In every one of these cases an artificial element has been introduced to our intelligence. They’re certainly amplifiers, but in many cases they’re much, much more. They’re also teachers and coaches. In almost every use of an ancient cognitive artifact, after repeated practice and training, the artifact itself could be set aside and its mental simulacrum deployed in its place.
In every one of these cases an artificial element has been introduced to our intelligence.
I call these machines complementary cognitive artifacts. Expert users of the abacus are not users of the physical abacus—they use a mental model in their brain. And expert users of slide rules can cast the ruler aside having internalized its mechanics. Cartographers memorize maps, and Edwin Hutchins has shown us how expert navigators form near symbiotic relationships with their analog instruments.
So our upper Paleolithic lineage has always possessed artificial intelligence to the extent our ancestors have been aided in this way. In modern life, mobile devices and their apps—to-do apps, calendar apps, journaling apps, astronomy apps, game apps, social apps, and on near infinitum—just recapitulate the three essential elements of the astrolabe: memory, search, and calculation.
Compare these complementary cognitive artifacts to competitive cognitive artifacts like the mechanical calculator, the global positioning systems in our cars and phones, and machine learning systems powering our App ecosystem. In each of these examples our effective intelligence is amplified, but not in the way of complementary artifacts. In the case of competitive artifacts, when we are deprived of their use, we are no better than when we started. They are not coaches and teachers—they are serfs. We have created an artificial serf economy where incremental and competitive artificial intelligence both amplifies our productivity and threatens to diminish organic and complementary artificial intelligence, and the ethics of this sort of mechanical labor are only now engaging the attention of practitioners and policy makers.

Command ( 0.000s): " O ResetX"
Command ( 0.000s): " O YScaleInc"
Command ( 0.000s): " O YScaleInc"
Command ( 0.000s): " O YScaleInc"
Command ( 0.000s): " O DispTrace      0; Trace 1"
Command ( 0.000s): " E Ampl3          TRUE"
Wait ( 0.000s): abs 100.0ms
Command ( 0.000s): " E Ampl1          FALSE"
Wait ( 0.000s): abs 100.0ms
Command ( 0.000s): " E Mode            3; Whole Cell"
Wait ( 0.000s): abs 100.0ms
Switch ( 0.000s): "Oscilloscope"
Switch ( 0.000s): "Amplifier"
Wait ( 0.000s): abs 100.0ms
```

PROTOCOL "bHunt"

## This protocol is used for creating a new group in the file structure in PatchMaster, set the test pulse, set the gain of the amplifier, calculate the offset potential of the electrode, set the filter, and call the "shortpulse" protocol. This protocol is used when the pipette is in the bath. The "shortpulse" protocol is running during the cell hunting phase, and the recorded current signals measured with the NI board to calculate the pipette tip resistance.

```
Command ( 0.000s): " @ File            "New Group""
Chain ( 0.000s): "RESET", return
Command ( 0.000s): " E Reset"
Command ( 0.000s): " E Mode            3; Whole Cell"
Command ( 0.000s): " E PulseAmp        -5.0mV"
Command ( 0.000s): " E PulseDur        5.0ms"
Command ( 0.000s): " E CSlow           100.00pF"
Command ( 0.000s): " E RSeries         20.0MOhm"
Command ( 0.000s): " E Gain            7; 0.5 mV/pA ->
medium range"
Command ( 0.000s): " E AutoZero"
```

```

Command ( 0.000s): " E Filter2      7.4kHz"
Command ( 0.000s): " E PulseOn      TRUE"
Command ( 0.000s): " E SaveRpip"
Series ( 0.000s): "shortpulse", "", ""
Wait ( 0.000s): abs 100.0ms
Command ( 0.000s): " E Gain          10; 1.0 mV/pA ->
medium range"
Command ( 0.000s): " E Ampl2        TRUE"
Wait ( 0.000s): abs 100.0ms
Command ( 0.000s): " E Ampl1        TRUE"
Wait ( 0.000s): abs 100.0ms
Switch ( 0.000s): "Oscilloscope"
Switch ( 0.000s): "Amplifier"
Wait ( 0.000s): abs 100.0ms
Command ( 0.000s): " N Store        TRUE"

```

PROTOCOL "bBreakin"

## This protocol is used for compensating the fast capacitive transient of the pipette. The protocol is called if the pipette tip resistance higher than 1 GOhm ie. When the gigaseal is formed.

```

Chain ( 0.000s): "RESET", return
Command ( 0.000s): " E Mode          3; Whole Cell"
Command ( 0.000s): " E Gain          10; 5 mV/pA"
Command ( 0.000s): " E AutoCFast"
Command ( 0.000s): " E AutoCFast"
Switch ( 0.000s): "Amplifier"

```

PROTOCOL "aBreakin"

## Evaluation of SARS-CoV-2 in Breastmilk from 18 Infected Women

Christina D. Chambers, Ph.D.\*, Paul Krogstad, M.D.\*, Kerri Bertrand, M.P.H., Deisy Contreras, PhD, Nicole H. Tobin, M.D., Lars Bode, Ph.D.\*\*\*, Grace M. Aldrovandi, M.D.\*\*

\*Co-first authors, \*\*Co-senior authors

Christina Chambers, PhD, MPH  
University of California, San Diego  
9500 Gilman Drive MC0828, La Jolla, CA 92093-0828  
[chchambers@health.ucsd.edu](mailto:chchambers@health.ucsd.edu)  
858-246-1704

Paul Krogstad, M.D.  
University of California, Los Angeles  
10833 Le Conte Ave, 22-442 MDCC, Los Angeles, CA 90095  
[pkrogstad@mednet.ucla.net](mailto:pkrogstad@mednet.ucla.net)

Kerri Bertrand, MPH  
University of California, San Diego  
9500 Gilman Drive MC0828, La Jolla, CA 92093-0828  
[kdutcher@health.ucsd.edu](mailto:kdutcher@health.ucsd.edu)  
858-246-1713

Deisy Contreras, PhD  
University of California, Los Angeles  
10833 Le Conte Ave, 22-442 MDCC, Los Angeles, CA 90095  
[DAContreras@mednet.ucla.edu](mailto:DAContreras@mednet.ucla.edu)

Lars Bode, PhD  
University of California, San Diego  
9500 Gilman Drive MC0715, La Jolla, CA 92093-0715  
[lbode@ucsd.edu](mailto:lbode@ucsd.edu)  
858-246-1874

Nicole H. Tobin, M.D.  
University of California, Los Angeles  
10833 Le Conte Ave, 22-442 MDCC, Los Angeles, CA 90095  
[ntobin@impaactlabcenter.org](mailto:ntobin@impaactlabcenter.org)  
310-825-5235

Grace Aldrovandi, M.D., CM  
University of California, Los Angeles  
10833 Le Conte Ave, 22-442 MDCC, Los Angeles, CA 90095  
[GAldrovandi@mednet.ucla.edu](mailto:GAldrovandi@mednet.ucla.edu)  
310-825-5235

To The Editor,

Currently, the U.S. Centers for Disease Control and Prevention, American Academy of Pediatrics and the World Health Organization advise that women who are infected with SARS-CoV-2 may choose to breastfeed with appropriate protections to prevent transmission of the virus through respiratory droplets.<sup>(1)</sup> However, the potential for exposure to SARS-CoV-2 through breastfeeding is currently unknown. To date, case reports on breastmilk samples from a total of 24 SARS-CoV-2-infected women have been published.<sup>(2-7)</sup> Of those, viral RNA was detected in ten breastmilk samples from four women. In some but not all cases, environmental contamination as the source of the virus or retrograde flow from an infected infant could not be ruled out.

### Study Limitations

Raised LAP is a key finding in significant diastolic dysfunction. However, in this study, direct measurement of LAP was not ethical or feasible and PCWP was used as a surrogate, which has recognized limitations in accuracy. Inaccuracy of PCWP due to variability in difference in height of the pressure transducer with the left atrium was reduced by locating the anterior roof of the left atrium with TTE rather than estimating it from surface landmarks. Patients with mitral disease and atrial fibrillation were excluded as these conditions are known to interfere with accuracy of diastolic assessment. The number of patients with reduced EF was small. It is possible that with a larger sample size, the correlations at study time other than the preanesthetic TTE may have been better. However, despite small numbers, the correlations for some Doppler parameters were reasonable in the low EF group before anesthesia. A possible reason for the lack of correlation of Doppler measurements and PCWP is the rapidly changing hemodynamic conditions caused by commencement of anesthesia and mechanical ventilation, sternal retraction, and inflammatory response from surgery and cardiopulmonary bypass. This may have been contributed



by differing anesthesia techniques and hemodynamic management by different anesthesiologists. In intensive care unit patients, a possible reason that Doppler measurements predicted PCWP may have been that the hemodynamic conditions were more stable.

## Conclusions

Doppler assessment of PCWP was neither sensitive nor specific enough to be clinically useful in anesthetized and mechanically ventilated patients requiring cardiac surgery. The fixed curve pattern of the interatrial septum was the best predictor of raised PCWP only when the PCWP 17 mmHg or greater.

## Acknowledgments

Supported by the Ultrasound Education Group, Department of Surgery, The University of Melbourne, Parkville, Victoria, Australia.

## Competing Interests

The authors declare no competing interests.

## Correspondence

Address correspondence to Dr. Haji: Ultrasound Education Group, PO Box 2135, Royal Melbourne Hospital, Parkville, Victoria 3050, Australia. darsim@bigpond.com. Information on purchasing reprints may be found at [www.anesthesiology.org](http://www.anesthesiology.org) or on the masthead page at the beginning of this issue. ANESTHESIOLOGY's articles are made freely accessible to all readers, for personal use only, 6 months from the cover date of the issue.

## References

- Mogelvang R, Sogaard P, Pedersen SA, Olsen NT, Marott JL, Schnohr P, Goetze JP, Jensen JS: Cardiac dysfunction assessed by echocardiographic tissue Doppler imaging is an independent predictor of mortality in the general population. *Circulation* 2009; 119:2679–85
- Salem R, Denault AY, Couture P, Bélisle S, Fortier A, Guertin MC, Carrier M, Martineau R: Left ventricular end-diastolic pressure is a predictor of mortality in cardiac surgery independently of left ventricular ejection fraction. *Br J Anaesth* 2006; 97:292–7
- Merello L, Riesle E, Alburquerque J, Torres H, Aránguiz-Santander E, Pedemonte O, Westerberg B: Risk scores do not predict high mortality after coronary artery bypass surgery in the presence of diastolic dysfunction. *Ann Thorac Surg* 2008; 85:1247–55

We are in the middle of a battle of artificial intelligences. It is not HAL, an autonomous intelligence and a perfected mind, that I fear but an aggressive App, imperfect and partial, that diminishes autonomy. It is prosthetic integration with the latter—as in the case of a GPS App that assumes the role of the navigational sense, or a health tracker that takes over decision-making when it comes to choosing items from a menu—that concerns me. The writer William Gibson has said that the future is here—it’s just not evenly distributed. But the future, in the form of aggressive Apps, is nearly everywhere.
It is not HAL, an autonomous intelligence and a perfected mind, that I fear but an aggressive App.
In Homer’s The Odyssey, Odysseus’ ship finds shelter from a storm on the land of the lotus eaters. Some crew members go ashore and eat the honey-sweet lotus, “which was so delicious that those left off caring about home, and did not even want to go back and say what happened to them.” Although the crewmen wept bitterly, Odysseus reports, “I forced them back to the ships…Then I told the rest to go on board at once, lest any of them should taste of the lotus and leave off wanting to get home.”
In our own times, it is the seductive taste of the algorithmic recommender system that saps our ability to explore options and exercise judgment. If we don’t exercise the wise counsel of Odysseus, our future won’t be the dystopia of Terminator but the pathetic death of the Lotus Eaters.
We must ask: What kind of artificial intelligence do we wish to become?
David Krakauer is President of the Santa Fe Institute and William H. Miller Professor of Complex Systems.
The lead photograph is courtesy of Ars Electronica via Flickr.